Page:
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5 Tips For Maximizing Your Benefits During Open Enrollment

Open enrollment season is underway for most employees. With millions of others out of work, employer-sponsored health insurance is a benefit that workers who still have jobs may not be so quick to take for granted this year.

About 157 million Americans rely on employer-sponsored coverage and yet, before 2020, most people spent very little time reviewing their workplace health-care plan during the open enrollment period.

Now, in the middle of a public health crisis, more people are working from home and juggling remote schooling for their children. They may be skipping elective medical procedures and relying on dependent care or may be finally ready to firm up a safety net in the case of a prolonged illness.

"The pandemic has given us a reviewed focus on what’s important in our lives and what’s not important, said Jean Chatzky, CEO and co-founder of HerMoneyMedia. Don’t just select the plan that you had last year, she cautioned. It’s absolutely worth your time to get what you need in a cost-effective way."

Typically, open enrollment runs through early December. Before the window closes for another 12 months, here are the most important things to look out for:

1. Health insurance

For starters, consider what your health coverage costs you now that premiums and deductibles have been going up. Annual family premiums for employer-sponsored health insurance — the amount it costs each year for insurance, often divided into 12 monthly payments — rose 4% to average $21,342 this year, according to the Kaiser Family Foundation.

On average, workers paid $5,588 toward the cost of their coverage, while employers picked up the rest.

2. Health savings accounts

One way to help with health-care costs is to use tax-advantaged accounts for medical expenses — specifically, health savings accounts or flexible spending accounts.

In both cases, you use pretax money to cover out-of-pocket expenses, including doctor visits and prescription drugs. To be able to use an HSA, you need to be enrolled in what’s called a high-deductible health plan, or HDHP. Contributions then grow on a tax-free basis, and any money you don’t use can be rolled over year to year. For 2020, employees and employers can contribute a total of up to $3,550 for individual coverage and up to $7,100 for family coverage.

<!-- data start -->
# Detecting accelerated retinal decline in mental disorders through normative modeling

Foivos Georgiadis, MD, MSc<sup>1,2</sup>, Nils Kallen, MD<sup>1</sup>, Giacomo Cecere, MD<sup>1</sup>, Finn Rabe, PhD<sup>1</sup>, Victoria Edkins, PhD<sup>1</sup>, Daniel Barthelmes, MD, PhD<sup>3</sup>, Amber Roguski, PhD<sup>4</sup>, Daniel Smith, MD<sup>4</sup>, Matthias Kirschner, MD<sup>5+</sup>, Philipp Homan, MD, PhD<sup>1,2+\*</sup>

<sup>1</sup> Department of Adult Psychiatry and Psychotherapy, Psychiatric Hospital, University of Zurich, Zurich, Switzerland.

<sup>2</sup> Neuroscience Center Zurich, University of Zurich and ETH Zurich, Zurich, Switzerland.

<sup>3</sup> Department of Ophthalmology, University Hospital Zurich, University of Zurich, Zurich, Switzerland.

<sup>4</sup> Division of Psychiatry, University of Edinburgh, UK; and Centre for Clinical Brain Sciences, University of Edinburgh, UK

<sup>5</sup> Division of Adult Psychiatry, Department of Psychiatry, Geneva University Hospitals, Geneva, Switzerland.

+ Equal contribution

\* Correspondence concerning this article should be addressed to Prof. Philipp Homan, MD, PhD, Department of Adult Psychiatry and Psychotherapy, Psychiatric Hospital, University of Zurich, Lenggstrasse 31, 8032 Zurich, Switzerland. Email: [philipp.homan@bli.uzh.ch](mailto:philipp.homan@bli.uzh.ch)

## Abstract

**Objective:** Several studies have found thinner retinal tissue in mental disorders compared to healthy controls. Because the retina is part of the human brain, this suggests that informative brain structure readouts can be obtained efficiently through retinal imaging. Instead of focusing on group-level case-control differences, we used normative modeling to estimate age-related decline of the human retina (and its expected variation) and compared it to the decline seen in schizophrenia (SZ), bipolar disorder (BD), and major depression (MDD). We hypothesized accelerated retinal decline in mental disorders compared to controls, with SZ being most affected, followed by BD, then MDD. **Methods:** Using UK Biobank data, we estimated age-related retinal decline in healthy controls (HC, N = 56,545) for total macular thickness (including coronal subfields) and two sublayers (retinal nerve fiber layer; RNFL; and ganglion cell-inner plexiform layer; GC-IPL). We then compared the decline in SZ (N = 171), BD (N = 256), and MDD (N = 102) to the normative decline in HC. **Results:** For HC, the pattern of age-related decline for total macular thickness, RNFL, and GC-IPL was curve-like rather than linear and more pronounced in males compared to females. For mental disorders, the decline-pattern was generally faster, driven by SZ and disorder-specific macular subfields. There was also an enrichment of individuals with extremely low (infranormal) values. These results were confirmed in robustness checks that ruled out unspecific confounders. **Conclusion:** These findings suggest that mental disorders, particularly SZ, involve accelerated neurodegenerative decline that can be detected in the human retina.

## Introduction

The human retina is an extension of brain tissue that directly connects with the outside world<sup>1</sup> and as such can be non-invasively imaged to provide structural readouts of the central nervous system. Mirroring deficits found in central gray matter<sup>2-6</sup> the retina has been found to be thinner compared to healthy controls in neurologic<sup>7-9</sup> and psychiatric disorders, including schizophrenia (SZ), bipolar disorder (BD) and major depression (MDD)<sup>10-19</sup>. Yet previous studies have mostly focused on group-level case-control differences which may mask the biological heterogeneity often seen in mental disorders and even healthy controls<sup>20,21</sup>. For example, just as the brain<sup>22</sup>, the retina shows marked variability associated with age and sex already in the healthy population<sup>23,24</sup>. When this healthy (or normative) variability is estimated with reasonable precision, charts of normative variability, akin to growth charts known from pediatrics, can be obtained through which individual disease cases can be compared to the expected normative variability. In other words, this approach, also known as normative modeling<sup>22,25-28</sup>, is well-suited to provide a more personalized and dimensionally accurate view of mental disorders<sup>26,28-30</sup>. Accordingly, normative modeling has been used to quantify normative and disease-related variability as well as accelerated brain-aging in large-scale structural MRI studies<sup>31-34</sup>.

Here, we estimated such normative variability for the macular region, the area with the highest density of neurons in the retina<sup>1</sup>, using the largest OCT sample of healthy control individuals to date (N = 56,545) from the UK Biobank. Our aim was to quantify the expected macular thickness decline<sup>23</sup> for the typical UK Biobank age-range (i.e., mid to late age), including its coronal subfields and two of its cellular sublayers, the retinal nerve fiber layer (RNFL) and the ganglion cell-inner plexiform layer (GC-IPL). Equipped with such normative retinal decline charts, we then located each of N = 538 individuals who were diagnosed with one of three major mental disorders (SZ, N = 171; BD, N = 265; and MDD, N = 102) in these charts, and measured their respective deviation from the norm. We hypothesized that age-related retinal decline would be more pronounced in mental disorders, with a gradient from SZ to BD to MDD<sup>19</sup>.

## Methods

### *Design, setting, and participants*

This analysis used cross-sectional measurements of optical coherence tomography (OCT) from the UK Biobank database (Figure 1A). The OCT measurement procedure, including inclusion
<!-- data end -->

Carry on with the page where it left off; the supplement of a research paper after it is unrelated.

3. Life insurance

Even now, nearly half, or 45% of U.S. workers don’t have or don’t know if they have life insurance. But Americans are suddenly much more interested in these policies because of the Covid-19 pandemic.

Even if you do have a life insurance policy through work, it could be a fraction of what you need to protect young children or other dependents. Consider what’s the right amount for you, then weigh whether you want to buy additional coverage, or supplemental insurance, through your workplace group plan or shop for your own individual term life insurance policy, a move many advisors recommend.

4. Disability insurance

Disability insurance is often the most overlooked employee benefit. These plans can help replace a portion of your paycheck if you get sick or injured and are unable to work.

There are two basic kinds: Short-term disability generally replaces 60% to 70% of your base salary and premiums are often paid by your employer. Long-term disability, which ordinarily kicks in after three to six months, typically replaces 40% to 60% of your income.

5. Wellness resources

Wellness programs are also in the spotlight as more employees manage to work remotely and battle burnout.

Many companies have begun to include mental health services among health-care coverage options, as well as offerings such as teletherapy to help employees deal with work-life stressors and personal issues.

Before the coronavirus crisis, Americans were slow to pick up on the virtual trend. Now, nearly half of Americans said the pandemic was having a negative effect on their mental health — and employers are responding with a flood of mental health resources. You can access the original article here.


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